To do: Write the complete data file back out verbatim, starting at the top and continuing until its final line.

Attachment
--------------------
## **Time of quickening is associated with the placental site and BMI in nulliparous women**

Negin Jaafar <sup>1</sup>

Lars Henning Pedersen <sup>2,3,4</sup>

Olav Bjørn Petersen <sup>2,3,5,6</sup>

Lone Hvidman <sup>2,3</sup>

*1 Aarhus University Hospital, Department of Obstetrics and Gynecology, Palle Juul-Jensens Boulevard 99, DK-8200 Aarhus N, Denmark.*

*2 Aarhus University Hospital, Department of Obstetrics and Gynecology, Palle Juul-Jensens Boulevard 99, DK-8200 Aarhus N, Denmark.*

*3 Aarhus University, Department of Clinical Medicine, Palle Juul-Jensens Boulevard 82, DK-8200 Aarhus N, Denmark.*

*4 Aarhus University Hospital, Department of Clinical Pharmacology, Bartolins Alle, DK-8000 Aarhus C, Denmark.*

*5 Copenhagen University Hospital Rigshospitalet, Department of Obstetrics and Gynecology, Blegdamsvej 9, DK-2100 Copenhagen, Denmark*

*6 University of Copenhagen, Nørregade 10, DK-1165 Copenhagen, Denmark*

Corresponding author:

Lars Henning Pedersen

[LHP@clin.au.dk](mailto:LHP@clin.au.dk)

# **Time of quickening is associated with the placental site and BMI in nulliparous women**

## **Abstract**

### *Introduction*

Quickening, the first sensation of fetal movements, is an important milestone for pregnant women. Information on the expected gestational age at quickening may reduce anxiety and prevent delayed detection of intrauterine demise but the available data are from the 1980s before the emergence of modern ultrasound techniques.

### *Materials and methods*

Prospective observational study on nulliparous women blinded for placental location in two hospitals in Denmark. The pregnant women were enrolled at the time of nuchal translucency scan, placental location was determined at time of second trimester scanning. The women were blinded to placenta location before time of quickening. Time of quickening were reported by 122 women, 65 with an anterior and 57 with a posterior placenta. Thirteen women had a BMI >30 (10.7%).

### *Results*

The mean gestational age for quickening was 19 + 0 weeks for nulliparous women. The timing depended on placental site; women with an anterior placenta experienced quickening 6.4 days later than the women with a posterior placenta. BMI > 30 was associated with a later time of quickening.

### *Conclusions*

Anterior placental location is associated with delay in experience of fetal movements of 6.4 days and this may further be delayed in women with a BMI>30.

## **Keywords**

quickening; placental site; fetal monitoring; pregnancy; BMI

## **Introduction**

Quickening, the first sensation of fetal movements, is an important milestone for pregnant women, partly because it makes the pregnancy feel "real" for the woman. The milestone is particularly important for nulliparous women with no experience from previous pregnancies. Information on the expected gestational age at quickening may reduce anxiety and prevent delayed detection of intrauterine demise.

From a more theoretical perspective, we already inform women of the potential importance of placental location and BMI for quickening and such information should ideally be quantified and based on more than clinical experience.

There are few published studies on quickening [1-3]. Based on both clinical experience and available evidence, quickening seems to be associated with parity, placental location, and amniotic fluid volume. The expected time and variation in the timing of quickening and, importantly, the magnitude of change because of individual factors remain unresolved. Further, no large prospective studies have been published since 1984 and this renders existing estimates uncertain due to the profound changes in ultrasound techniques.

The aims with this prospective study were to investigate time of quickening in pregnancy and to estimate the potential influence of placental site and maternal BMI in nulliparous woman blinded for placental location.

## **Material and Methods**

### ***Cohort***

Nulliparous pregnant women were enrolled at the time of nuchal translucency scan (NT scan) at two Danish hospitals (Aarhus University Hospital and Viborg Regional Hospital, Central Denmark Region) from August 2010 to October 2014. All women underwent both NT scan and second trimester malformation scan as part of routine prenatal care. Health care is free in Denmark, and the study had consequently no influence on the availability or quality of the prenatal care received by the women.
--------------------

## **Time of quickening is associated with the placental site and BMI in nulliparous women**

Negin Jaafar <sup>1</sup>

Lars Henning Pedersen <sup>2,3,4</sup>

Olav Bjørn Petersen <sup>2,3,5,6</sup>

Lone Hvidman <sup>2,3</sup>

*1 Aarhus University Hospital, Department of Obstetrics and Gynecology, Palle Juul-Jensens Boulevard 99, DK-8200 Aarhus N, Denmark.*

*2 Aarhus University Hospital, Department of Obstetrics and Gynecology, Palle Juul-Jensens Boulevard 99, DK-8200 Aarhus N, Denmark.*

*3 Aarhus University, Department of Clinical Medicine, Palle Juul-Jensens Boulevard 82, DK-8200 Aarhus N, Denmark.*

*4 Aarhus University Hospital, Department of Clinical Pharmacology, Bartolins Alle, DK-8000 Aarhus C, Denmark.*

*5 Copenhagen University Hospital Rigshospitalet, Department of Obstetrics and Gynecology, Blegdamsvej 9, DK-2100 Copenhagen, Denmark*

*6 University of Copenhagen, Nørregade 10, DK-1165 Copenhagen, Denmark*

Corresponding author:

Lars Henning Pedersen

[LHP@clin.au.dk](mailto:LHP@clin.au.dk)

# **Time of quickening is associated with the placental site and BMI in nulliparous women**

## **Abstract**

### *Introduction*

Quickening, the first sensation of fetal movements, is an important milestone for pregnant women. Information on the expected gestational age at quickening may reduce anxiety and prevent delayed detection of intrauterine demise but the available data are from the 1980s before the emergence of modern ultrasound techniques.

### *Materials and methods*

Prospective observational study on nulliparous women blinded for placental location in two hospitals in Denmark. The pregnant women were enrolled at the time of nuchal translucency scan, placental location was determined at time of second trimester scanning. The women were blinded to placenta location before time of quickening. Time of quickening were reported by 122 women, 65 with an anterior and 57 with a posterior placenta. Thirteen women had a BMI >30 (10.7%).

### *Results*

The mean gestational age for quickening was 19 + 0 weeks for nulliparous women. The timing depended on placental site; women with an anterior placenta experienced quickening 6.4 days later than the women with a posterior placenta. BMI > 30 was associated with a later time of quickening.

### *Conclusions*

Anterior placental location is associated with delay in experience of fetal movements of 6.4 days and this may further be delayed in women with a BMI>30.

## **Keywords**

quickening; placental site; fetal monitoring; pregnancy; BMI

## **Introduction**

Quickening, the first sensation of fetal movements, is an important milestone for pregnant women, partly because it makes the pregnancy feel "real" for the woman. The milestone is particularly important for nulliparous women with no experience from previous pregnancies. Information on the expected gestational age at quickening may reduce anxiety and prevent delayed detection of intrauterine demise.

From a more theoretical perspective, we already inform women of the potential importance of placental location and BMI for quickening and such information should ideally be quantified and based on more than clinical experience.

There are few published studies on quickening [1-3]. Based on both clinical experience and available evidence, quickening seems to be associated with parity, placental location, and amniotic fluid volume. The expected time and variation in the timing of quickening and, importantly, the magnitude of change because of individual factors remain unresolved. Further, no large prospective studies have been published since 1984 and this renders existing estimates uncertain due to the profound changes in ultrasound techniques.

The aims with this prospective study were to investigate time of quickening in pregnancy and to estimate the potential influence of placental site and maternal BMI in nulliparous woman blinded for placental location.

## **Material and Methods**

### ***Cohort***

Nulliparous pregnant women were enrolled at the time of nuchal translucency scan (NT scan) at two Danish hospitals (Aarhus University Hospital and Viborg Regional Hospital, Central Denmark Region) from August 2010 to October 2014. All women underwent both NT scan and second trimester malformation scan as part of routine prenatal care. Health care is free in Denmark, and the study had consequently no influence on the availability or quality of the prenatal care received by the women.